The Obama administration's new moratorium on deep-water offshore drilling will no longer be based on water depth.
Instead, the moratorium will apply to any deep-water floating facility with drilling activities. The original moratorium applied to those in waters of more than 500 feet.
Those new restrictions were spelled out in an Interior Department document obtained Monday by The Associated Press. An official announcement is expected later Monday.
Last week, a federal appeals court rejected the government's effort to restore its initial offshore deep-water drilling moratorium, which halted the approval of any new permits for deep-water projects and suspended drilling on the 33 exploratory wells.
Last week, a federal appeals courtto restore its initial offshore deep-water drilling moratorium, which halted the approval of any new permits for deep-water projects and suspended drilling on 33 exploratory wells. That moratorium, issued following the catastrophic Gulf oil spill in April, was first rejected last month by .
"If some drilling equipment parts are flawed, is it rational to say all are?" Feldman asked. "Are all airplanes a danger because one was? All oil tankers like Exxon Valdez? All trains? All mines? That sort of thinking seems heavy-handed, and rather overbearing."
He said the moratorium "seems to assume that because one rig failed and although no one yet fully knows why, all companies and rigs drilling new wells over 500 feet also universally present an imminent danger."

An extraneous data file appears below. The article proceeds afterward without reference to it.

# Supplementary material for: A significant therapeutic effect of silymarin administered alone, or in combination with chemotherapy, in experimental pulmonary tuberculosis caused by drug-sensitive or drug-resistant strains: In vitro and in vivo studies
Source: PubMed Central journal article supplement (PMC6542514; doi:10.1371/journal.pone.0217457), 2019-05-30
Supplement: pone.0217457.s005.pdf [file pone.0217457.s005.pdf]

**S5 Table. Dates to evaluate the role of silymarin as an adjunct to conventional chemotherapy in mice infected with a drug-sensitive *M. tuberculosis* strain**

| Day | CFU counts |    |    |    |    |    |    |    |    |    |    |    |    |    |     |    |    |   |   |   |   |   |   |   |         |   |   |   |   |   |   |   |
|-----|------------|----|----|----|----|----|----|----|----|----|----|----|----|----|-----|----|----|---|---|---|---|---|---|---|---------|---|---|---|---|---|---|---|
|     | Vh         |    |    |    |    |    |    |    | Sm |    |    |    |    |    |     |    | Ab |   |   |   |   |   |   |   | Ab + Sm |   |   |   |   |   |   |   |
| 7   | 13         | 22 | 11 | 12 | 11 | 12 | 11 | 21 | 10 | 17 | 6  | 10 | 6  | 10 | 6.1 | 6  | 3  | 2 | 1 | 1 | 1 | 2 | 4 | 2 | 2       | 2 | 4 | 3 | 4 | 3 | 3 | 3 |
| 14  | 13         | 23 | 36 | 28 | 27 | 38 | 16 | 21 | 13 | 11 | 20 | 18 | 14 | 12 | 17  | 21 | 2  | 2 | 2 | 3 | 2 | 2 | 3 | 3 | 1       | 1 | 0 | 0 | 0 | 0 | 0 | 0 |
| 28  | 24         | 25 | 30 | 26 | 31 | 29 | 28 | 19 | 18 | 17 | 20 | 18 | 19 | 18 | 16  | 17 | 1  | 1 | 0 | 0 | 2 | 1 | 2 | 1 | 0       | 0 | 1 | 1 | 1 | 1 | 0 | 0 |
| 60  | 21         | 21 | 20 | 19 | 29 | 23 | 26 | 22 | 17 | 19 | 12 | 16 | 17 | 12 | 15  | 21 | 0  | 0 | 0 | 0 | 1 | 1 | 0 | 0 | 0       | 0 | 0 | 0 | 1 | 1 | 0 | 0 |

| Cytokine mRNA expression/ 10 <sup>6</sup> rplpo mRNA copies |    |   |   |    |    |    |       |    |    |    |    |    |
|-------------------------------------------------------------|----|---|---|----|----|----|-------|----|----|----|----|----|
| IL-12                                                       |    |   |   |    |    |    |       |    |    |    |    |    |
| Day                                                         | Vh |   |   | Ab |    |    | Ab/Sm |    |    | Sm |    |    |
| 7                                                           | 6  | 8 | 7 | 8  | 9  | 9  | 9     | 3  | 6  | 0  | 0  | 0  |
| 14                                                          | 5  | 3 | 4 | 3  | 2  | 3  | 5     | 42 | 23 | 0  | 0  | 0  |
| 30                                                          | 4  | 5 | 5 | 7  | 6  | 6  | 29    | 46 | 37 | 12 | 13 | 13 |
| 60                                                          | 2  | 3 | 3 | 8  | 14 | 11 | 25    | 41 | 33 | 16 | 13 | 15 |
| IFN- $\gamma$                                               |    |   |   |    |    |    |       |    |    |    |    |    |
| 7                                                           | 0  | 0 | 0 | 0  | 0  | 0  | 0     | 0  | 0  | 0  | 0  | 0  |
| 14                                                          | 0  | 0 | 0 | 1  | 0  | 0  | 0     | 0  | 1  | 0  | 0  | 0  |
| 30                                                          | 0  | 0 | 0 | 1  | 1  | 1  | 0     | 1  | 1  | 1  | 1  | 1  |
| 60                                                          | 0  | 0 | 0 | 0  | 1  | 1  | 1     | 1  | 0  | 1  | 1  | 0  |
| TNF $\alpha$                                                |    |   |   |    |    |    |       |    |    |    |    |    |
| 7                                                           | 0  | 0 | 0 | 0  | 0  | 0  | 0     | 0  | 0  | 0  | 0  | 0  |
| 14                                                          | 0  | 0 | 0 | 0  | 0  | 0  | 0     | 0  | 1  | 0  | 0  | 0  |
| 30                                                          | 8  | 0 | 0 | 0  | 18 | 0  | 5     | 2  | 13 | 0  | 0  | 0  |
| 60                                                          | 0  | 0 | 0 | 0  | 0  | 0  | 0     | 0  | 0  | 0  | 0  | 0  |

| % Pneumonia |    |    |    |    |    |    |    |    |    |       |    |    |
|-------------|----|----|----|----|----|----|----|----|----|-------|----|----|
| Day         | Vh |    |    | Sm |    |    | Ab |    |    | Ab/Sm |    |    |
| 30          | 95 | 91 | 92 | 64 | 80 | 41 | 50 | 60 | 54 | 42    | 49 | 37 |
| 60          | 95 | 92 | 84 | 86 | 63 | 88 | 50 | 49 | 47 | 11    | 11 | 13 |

Interior Secretary Ken Salazar said at the time that he would issue a new deep-water drilling moratorium that could be refined to reflect offshore conditions and allow drilling in areas where reserves and risks are known rather than in exploratory reservoirs.
White House spokesman Robert Gibbs told reporters Monday that the Interior Department "will take into account what the judge laid out in his initial ruling at the district court level."
"The president has and continues to believe that we have to be careful with what we're doing, given the uncertainty about what happened 84 days ago," Gibbs said. "We know that that is not without some economic consequences to the region, but it's imperative that we have a sense of what happened before we continue to do this again."
In its appeal, the Interior Department asked the 5th U.S. Circuit Court of Appeals to let the temporary ban stand until it ruled on the merits of the case.
Several companies that ferry people and supplies and provide other services to offshore rigs argued that the moratorium was arbitrarily imposed following the April 20 explosion, which killed 11 workers and blew out a well 5,000 feet (1,500 meters) under water.